As margins tighten in Nevada elections, advocates look to signature curing for edge
With razor-thin margins separating candidates in Nevada’s top races, a growing number of advocacy groups are focusing on thousands of challenged ballots still requiring signature cures that could become the difference between victory and defeat for candidates across the state.
Mail ballots submitted to county election officials that have signatures that do not match those on file require “cures,” a process by which county election workers verify the identity of the voter in question before having their ballot counted.
This cycle, challenged ballots must be cured by Monday, Nov. 14 — two days after the deadline to finish counting mail ballots.
As of Thursday morning, roughly 39 percent of the more than 11,755 ballots requiring cures thus far in Clark County had been cured, leaving 7,155 unresolved. The partisan breakdown of those cures was not made available through data posted online.
Another 5,555 provisional ballots — or ballots provided to voters who registered to vote on Election Day or otherwise had an issue proving their identification — will not be counted until the state validates those ballots next Wednesday.
In Washoe County, 1,421 ballots still required a signature cure as of Thursday morning, of which the plurality, 39 percent, were nonpartisan, another 32 percent were Democrats and 30 percent Republicans.
County and state election officials across Nevada have been attempting to contact voters with signature issues since before Election Day through waves of texts, phone calls, emails and mailed postcards.
But partisan groups — especially those aligned with Democrats — are also mobilizing resources to contact voters who may not know their vote has not yet been counted.
That includes Nevada Democratic Victory, a political action committee and offshoot of the vaunted “Reid Machine” created following an internal split in the state’s Democratic party early last year. The group has arranged mobilization efforts for volunteers to reach out to voters with rejected ballots, including sending staff door to door.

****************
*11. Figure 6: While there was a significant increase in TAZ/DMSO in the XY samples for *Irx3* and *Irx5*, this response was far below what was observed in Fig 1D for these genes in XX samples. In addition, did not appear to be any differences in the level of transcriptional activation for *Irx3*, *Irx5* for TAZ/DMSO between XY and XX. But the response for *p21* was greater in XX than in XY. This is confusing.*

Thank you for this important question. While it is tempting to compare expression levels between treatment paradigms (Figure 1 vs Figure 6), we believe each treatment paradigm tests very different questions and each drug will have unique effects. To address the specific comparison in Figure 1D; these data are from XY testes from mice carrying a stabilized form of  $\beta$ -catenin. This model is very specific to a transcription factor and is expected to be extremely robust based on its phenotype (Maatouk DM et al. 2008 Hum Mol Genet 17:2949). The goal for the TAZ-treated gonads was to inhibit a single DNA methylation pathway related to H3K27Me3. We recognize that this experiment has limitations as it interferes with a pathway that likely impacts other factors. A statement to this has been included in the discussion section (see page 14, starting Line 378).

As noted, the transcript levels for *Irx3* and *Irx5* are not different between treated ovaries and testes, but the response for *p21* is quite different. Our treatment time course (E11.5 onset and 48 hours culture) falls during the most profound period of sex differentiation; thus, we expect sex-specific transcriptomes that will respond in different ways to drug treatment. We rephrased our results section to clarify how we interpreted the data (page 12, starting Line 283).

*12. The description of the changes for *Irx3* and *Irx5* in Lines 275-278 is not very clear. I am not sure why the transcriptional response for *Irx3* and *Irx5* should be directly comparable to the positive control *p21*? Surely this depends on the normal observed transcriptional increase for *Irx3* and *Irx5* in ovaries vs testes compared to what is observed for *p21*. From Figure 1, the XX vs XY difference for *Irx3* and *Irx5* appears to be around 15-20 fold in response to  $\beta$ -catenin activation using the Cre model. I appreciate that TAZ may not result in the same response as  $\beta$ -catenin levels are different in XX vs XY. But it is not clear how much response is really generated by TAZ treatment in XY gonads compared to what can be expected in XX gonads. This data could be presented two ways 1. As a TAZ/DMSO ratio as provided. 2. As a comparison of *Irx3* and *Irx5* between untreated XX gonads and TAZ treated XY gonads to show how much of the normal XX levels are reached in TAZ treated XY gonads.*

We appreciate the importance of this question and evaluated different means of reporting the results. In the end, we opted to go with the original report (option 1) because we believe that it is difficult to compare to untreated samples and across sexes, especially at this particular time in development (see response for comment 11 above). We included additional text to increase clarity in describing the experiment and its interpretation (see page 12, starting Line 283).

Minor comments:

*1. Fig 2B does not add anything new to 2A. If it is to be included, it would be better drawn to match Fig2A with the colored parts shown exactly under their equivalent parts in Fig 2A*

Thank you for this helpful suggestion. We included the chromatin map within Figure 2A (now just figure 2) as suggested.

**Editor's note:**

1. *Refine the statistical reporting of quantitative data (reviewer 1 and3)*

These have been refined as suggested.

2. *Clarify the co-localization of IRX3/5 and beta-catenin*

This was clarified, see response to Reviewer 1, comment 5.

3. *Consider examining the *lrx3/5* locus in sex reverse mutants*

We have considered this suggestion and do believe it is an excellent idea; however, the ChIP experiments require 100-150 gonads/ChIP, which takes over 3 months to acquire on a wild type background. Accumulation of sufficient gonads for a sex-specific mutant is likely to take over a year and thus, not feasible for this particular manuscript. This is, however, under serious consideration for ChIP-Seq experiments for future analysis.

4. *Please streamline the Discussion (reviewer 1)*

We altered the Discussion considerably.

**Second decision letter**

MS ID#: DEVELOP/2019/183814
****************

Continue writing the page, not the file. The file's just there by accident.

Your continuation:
Nevada Democratic Victory has also set up an online source for rural voters to fill out signature cure affidavits — a resource that Sen. Catherine Cortez Masto’s campaign texted to certain voters. Douglas County urged residents to “not reply and disregard” such messages in a Wednesday Twitter post.
Republicans have also sought to boost information for their voters on ballot curing. That includes at least one such effort from the Republican National Committee (RNC), which RNC spokesperson Hallie Balch, in a statement, said had “a duty to inform voters that their ballot needs curing in order to be counted.”
Others engaged in targeted signature curing efforts include Las Vegas’ powerful Culinary Union Local 226 — which has dedicated 200 canvassers to curing outreach through the Monday deadline — and Battle Born Progress, a progressive advocacy group that spent $40,000, starting Wednesday, on digital ads targeting voters who need to cure their ballots.
Annette Magnus, executive director for BBP and the affiliated Institute for a Progressive Nevada, told The Nevada Independent that lessons learned from 2020 have informed how groups have handled 2022, especially as the focus has shifted away from teaching voters how to vote by mail to teaching them how to cure a ballot.